While I agree that some credit card company policies are downright slimy, credit cards and credit card companies in themselves are not evil. Yes they are trying to make money, but so is the neighborhood laundry mat. There’s nothing wrong with that.


7 Ryan

Good point, Dong. That’s why I stressed that everyone is in their own situation. It would be wrong for me to say “everyone should use credit cards.” That is definitely not the case!


8 Jason Dean

The idea that no one should have credit cards is not only foolish, it is downright harmful — both to individuals and to society.

A credit card is a wonderful thing — if you can manage your money responsibly. If not, then YOU are the problem, not the tiny piece of plastic. Work on YOU. And when you’re ready, get a credit card and enjoy the benefits of a consumer-driven market economy.

I’m biting down on my tongue pretty hard as I write this post, because I actually find the idea that “no one should use credit cards” to be deeply offensive. Ryan pointed out numerous reasons why credit cards are good, all of which are sound, but what’s lost here is that credit fuels the global economy and has lifted hundreds of millions of people out of poverty. People would literally starve to death in the wake of cause-and-effect events, worldwide, that would be unleashed by the autocratic decree that “credit cards are henceforth banned,” or even if that poisionous thinking grew too widespread.

Thanks for setting the original poster straight, Ryan.


9 Ryan

Jason, I agree that our world’s economy is based upon credit. That much is a fact.

But, using credit cards is a personal decision and one that shouldn’t be taken lightly. Ana’s blog, Debt-Free Revolution, is based upon her journey to get out of debt, and she writes primarily to an audience with similar priorities. For most people struggling to become debt free, using credit cards is probably not a good idea.

From her perspective, I understand where she is coming from. But, finances, like many other things are different for each individual and making a blanket statement doesn’t always work.


10 Kevin

Couple of problems here:

3. Fraud on your cash. How would the fraudsters do that?

4. Once a dispute is brought to your bank’s attention, they usually will provisionally restore the disputed funds until the matter is resolved.

The rest I agree with, especially the honorable mention. Over the last year, I’ve made over $1,000 in interest with 0% loans off of my credit cards. It’s true, you really do need to know what you are doing, and watch things like a hawk.


11 Ryan


#3. The original intent of this point was protection against theft and the fraud that can be made when your card or information is stolen. (I will edit the article to read fraud/theft protection). As for fraud I guess if you’re buying something out of the back of some guy’s truck and it turns out all you got was a box full of rocks, there would be no recourse. Of course, you shouldn’t be buying things from the back of someone’s truck anyway! πŸ˜‰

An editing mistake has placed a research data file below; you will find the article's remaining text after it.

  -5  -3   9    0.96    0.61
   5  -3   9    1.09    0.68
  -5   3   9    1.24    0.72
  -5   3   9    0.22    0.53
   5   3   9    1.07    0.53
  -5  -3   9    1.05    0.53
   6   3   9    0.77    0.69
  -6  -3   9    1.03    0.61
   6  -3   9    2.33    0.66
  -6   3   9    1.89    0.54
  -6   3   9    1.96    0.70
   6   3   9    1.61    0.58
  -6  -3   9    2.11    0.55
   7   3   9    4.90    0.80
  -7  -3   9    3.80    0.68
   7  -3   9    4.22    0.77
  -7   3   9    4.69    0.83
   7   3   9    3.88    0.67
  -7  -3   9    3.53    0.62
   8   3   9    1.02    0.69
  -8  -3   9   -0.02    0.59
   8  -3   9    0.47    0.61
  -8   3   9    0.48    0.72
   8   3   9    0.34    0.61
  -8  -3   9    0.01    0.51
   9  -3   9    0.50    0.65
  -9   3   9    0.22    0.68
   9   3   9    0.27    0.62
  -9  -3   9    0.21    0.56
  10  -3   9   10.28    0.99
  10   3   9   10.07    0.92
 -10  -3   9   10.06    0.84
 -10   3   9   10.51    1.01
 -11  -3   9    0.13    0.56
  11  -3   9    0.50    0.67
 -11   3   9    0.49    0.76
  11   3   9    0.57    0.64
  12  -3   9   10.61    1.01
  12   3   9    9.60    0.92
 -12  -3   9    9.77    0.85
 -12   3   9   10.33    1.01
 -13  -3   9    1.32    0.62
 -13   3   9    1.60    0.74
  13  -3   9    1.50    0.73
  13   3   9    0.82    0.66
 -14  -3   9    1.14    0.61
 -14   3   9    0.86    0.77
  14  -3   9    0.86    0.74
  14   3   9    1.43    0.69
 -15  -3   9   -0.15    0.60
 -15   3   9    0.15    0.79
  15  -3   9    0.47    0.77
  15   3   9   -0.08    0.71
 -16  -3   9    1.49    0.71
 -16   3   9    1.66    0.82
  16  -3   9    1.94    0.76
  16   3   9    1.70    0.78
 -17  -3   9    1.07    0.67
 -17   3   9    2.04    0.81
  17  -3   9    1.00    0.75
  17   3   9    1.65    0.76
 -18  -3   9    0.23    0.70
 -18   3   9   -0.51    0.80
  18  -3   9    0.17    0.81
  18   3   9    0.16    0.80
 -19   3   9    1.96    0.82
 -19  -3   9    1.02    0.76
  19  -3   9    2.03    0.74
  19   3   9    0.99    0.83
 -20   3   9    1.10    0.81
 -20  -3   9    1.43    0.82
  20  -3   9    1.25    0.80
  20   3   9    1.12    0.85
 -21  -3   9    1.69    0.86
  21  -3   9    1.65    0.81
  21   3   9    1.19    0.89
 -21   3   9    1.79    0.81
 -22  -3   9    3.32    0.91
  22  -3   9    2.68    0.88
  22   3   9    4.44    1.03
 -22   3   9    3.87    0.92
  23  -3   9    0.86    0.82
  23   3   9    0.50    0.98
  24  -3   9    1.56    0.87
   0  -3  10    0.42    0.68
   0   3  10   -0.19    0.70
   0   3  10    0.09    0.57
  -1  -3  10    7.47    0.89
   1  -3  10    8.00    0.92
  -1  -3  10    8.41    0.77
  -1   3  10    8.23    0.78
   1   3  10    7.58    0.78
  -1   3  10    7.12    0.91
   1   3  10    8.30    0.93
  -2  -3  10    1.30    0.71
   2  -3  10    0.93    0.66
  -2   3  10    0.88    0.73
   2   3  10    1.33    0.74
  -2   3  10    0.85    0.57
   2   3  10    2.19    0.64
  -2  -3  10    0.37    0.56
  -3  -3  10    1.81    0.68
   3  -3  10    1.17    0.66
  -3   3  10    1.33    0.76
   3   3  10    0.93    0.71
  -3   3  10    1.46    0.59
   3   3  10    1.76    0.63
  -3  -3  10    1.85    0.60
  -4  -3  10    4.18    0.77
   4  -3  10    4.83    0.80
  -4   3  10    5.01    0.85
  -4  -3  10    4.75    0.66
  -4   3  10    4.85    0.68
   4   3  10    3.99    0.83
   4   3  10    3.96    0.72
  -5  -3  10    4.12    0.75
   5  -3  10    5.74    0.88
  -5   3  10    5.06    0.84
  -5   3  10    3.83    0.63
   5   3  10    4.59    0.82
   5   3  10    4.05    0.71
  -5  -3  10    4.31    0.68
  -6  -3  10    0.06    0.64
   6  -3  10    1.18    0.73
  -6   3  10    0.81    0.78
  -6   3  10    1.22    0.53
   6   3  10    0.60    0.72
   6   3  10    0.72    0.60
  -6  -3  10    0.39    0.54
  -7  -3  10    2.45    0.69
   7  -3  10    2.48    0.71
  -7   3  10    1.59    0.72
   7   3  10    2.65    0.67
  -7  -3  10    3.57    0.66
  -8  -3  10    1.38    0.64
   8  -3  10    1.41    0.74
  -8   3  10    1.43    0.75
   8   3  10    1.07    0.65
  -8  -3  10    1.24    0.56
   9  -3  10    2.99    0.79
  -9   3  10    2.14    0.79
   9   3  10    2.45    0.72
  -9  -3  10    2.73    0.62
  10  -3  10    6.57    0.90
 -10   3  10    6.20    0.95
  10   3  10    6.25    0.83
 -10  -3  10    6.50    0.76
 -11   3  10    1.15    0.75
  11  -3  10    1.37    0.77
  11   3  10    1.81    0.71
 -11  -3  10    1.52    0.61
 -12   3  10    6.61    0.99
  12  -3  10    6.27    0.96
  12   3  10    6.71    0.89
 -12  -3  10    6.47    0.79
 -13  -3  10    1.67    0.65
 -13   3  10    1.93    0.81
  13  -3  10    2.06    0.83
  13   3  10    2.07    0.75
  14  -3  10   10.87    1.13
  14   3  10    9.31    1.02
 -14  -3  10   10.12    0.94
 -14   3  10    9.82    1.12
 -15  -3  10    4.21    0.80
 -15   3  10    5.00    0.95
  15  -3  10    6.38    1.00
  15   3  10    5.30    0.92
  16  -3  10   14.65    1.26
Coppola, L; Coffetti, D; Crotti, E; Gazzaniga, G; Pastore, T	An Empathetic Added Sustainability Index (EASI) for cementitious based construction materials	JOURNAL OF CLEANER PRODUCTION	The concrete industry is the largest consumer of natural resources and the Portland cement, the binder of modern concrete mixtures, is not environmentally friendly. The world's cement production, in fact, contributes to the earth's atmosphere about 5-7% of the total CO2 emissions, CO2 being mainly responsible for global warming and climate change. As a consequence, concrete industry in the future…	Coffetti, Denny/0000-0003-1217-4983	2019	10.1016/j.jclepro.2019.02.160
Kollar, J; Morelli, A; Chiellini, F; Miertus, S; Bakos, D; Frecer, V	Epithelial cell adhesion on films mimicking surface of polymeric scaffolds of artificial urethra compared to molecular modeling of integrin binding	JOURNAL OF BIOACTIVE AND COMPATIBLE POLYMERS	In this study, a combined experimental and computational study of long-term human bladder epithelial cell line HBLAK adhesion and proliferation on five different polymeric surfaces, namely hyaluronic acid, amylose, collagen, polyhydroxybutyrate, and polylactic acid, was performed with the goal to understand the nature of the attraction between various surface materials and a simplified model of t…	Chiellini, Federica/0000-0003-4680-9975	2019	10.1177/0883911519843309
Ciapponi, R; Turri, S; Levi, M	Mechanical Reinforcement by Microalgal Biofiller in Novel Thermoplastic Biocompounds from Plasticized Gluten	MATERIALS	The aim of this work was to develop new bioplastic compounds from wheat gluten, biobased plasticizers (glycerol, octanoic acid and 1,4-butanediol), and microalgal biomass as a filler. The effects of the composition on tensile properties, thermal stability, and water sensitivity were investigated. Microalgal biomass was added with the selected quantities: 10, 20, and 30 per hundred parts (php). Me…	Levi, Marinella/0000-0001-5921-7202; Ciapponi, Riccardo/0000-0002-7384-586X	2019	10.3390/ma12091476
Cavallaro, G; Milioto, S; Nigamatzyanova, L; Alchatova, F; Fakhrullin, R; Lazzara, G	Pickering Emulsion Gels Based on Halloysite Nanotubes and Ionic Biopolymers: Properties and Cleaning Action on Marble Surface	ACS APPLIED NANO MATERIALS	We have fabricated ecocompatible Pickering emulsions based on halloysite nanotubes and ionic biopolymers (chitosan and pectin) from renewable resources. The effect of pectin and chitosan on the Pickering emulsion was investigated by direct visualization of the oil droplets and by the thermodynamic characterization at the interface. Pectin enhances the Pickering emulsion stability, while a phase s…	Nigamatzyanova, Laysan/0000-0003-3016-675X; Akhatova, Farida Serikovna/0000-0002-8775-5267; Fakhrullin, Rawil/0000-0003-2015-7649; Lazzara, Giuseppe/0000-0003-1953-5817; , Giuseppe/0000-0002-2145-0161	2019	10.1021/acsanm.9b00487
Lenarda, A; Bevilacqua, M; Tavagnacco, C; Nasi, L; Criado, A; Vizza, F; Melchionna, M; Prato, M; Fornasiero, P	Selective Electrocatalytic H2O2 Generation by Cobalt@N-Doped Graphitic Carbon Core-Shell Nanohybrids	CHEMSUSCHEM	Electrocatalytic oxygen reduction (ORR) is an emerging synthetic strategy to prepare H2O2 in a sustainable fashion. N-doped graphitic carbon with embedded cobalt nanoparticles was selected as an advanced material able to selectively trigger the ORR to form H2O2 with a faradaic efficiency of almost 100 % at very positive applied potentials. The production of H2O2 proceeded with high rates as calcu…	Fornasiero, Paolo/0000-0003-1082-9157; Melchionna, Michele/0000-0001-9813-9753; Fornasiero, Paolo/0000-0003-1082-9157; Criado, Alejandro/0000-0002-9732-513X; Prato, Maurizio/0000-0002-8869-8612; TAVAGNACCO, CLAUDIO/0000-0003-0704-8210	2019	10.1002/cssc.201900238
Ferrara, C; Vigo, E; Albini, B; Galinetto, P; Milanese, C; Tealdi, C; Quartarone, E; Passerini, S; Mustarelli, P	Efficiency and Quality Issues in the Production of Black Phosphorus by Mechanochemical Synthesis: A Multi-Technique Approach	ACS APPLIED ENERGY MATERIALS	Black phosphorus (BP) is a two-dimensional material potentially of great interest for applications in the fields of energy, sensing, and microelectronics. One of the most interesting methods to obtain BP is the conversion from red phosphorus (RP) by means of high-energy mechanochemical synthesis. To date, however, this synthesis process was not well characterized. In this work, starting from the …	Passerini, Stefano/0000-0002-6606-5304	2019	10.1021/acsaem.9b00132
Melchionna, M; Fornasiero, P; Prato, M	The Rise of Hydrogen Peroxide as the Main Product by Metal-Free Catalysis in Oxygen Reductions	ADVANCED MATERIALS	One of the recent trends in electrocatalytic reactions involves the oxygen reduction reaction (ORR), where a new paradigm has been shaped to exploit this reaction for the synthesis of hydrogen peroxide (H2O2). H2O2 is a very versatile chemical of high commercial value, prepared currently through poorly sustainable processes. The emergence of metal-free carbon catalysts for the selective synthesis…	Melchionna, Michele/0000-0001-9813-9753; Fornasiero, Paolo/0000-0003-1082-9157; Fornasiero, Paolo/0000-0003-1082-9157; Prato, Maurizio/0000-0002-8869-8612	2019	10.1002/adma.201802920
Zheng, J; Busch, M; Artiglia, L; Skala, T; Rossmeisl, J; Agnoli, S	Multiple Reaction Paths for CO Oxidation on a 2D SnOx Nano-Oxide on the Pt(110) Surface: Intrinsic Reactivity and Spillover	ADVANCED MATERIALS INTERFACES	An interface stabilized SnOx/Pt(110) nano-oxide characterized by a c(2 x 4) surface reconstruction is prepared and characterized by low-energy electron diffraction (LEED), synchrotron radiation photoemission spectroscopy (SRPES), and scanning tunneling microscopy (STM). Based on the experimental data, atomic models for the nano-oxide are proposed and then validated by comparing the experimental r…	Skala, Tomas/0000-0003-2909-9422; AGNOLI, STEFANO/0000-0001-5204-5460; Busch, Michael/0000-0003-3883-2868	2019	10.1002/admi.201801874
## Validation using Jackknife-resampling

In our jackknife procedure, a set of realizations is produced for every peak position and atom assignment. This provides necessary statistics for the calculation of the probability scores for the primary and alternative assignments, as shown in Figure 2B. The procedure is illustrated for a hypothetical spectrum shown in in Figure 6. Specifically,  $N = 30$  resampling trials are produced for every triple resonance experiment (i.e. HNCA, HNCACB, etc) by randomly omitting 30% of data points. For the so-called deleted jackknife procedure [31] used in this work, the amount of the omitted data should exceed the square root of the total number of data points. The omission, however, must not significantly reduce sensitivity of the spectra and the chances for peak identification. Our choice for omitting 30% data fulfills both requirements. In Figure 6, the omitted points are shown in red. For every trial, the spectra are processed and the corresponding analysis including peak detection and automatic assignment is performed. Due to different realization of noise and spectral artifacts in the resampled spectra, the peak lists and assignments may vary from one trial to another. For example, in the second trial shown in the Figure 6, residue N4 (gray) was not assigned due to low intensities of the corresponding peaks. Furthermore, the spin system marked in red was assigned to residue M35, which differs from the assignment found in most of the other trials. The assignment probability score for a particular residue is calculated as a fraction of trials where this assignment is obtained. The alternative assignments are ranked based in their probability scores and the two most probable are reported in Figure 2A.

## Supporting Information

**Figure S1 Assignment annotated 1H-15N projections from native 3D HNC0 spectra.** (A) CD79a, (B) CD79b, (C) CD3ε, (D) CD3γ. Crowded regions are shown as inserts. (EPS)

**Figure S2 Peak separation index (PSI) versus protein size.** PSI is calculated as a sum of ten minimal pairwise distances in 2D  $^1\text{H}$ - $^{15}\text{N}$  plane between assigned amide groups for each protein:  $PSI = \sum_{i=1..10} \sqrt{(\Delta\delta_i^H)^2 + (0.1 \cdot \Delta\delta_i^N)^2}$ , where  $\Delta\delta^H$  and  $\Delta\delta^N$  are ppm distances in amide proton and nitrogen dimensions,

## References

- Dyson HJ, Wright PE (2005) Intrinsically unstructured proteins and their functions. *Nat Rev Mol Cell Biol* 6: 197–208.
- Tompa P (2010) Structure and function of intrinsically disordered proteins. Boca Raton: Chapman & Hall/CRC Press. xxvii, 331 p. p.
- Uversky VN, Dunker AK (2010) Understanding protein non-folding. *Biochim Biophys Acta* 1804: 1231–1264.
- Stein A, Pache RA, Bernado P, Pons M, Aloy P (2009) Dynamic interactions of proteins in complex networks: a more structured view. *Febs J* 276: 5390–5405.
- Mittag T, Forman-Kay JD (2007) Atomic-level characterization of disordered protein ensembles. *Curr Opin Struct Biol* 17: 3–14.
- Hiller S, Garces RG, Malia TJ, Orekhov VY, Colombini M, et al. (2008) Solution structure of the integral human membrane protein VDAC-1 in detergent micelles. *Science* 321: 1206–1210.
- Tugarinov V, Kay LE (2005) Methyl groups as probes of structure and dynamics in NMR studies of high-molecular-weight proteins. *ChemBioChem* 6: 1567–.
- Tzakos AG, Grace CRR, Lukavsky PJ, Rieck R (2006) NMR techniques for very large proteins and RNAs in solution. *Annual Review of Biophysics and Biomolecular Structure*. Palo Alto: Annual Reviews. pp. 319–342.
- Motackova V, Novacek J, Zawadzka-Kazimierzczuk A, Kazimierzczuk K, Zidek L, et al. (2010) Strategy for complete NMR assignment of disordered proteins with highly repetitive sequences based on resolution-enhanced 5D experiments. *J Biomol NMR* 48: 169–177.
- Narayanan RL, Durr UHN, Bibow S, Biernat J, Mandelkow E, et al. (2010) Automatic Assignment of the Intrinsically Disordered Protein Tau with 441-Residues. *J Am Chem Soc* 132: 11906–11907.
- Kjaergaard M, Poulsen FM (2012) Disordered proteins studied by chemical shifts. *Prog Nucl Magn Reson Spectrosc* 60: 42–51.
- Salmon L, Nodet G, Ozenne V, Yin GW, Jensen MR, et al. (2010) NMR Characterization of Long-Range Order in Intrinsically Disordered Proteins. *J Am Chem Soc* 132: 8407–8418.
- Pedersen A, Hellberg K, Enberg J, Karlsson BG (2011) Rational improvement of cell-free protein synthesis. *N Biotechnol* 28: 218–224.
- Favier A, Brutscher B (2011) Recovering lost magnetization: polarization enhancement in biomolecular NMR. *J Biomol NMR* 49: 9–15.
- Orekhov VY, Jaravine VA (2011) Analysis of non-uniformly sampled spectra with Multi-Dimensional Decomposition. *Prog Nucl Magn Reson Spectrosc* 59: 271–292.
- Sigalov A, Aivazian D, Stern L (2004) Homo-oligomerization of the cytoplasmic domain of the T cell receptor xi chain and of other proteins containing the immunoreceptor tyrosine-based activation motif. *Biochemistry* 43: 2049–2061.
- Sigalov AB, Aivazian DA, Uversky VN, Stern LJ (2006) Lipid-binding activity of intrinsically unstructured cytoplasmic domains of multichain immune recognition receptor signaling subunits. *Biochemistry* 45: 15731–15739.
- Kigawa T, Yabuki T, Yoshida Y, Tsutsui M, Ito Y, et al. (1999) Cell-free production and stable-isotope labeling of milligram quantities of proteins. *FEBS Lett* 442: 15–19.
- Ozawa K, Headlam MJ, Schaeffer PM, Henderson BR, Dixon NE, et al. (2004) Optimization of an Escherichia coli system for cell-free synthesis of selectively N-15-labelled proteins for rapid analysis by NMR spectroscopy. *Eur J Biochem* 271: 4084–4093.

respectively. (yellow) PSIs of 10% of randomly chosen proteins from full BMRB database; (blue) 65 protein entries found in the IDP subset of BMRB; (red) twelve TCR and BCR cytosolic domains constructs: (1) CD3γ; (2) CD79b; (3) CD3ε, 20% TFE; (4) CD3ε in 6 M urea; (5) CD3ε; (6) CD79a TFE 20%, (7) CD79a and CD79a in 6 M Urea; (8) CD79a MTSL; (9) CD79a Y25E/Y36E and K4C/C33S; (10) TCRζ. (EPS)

#4. This depends completely on the bank. Many banks will do this, some may not. I would definitely check with your bank to determine their policy.

Thanks for the comment!


12 William Brooks

This is a good post. Credit Cards are very powerful tools the problem is everybody can get one and they are so easy to abuse.

I personally have used credit cards for investments and I know people that have used credit cards to play with some interest rate arbitrage. These are advanced techniques, but pretty neat.

Credit Cards are currently saving my skin because I am receiving some nice 0% interest rates.

You really just need the strong education to learn to use them right.

Great Post!


13 Ryan

William, the only investment I would do with a 0% balance transfer is a guaranteed investment like a savings account. If you are doing anything not guaranteed, that could end badly.

But I’m glad you liked the article. πŸ™‚


14 kitty

I actually find the idea that β€œno one should use credit cards” to be deeply offensive.
Me too. Especially because I am older and have used credit cards for over 20 years without ever carrying a balance. I do understand where Ana is coming from – some people may indeed be better off without credit cards at least until they learn to live within their means and get a very clear idea of what they can or cannot afford. Let’s not forget that more than third of credit card users pay their balances in full every month. This is a lot of people. Also statistics like “an average American is $X in debt” is misleading: one person with huge debt is enough to affect this statistics for a lot of people.